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I have a doubt on the classification of non-degenerate conics (parabola, ellipse, hyperbola) in projective geometry (my textbook is "Multiple View Geometry in Computer Vision", which, as the title implies, is not specifically targeted at projective geometry).

As far as I understand, we can classify conics from a projective and from an affine point of view:

From the projective point of view, all non-degenerate conics can be transformed to a circle, so there's no distinction between the three "classic" conic types.

From the affine point of view, the classification depends on the number of intersections (0: ellipse, 1: parabola, 2: hyperbola) between the conic and the line at infinity, which is fixed for affine transformations.

Summarizing, it seems that a generic projective transformation alters the number of intersections between a conic and the line at infinity, whereas an affinity does not change it.

My question is: why does the number of intersection between a conic and the line at infinity change for a projectivity? Shouldn't intersection be an invariant?

Thanks in advance!

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Summarizing, it seems that a generic projective transformation alters the number of intersections between a conic and the line at infinity, whereas an affinity does not change it.

I'd not put it like this, even though you are essentially right. Instead I'd say that a generic projective transformation alters the line at infinity.

So let's say you have a hyperbola, which intersects the line at infinity in two points. Then you apply a projective transformation to map that to the unit circle. The image of the line at infinity under that transformation will be a finite line which intersects the unit circle in two points, namely the images of the original points of intersection. The new line at infinity, after the transformation was applied, has no real points in common with the unit circle. (Now the points of intersection would be the complex ideal circle points $[1:\pm i:0]$, but you don't need this for your question I guess.)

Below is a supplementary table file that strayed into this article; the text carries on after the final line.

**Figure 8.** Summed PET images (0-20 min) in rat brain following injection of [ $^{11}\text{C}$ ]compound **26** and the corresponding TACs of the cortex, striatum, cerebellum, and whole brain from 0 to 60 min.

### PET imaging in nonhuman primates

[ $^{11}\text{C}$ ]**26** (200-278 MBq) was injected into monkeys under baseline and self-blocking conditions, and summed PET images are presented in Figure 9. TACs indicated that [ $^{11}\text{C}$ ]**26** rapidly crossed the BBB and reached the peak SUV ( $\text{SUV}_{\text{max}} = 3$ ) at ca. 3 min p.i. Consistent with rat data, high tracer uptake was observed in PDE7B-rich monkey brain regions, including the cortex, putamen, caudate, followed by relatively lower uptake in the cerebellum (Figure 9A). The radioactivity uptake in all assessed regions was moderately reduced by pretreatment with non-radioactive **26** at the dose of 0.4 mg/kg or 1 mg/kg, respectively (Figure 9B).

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    $\begingroup$ When you say "the new line at infinity", do you mean the [0 0 1] vector? I (as an ignorant in the field) would say that the new line at infinity, in your example, is the image of the original line at infinity, i.e. the line intersecting the circle. $\endgroup$ – rand Aug 5 '14 at 13:13
  • $\begingroup$ In other words, does the classification depend on the intersection between the conic and [0 0 1], or on the current line at infinity, whatever it is? $\endgroup$ – rand Aug 5 '14 at 13:15
  • $\begingroup$ @SimonePalazzo: You're right, by “new line at infinity” I mean the line at infinity in the new image, as opposed to the “image of the line at infinity” which I used in the sentence before that. I'd say the “current line at infinity” is always the vector $[0:0:1]$, at least in the standard embedding. Other embeddings are possible, in which case you'd classify with respect to their line at infinity. $\endgroup$ – MvG Aug 5 '14 at 13:22
  • $\begingroup$ @SimonePalazzo: I tend to think as a projective transformation very much like a change of basis: it doesn't really change the relationship between things. In this sense, the image of the old line at infinity is closer related to the original line at infinity than the “new” line at infinity, i.e. the line which has the same coordinates after the transformation that the old line had before that transformation. But this is probably a very subjective view. $\endgroup$ – MvG Aug 5 '14 at 13:23
  • $\begingroup$ @SimonePalazzo: You classify with respect to the $[0:0:1]$ line if you want to know “what is this conic right now?” You classify with the image of that line under some transformation if you want to know “what was this conic before I applied the transformation?” The former will see a change in kind caused by a projective transformation, while the latter maintains the result. The former is like a transformation of your objects themselves, the latter more like a change in coordinate system. $\endgroup$ – MvG Aug 5 '14 at 13:27

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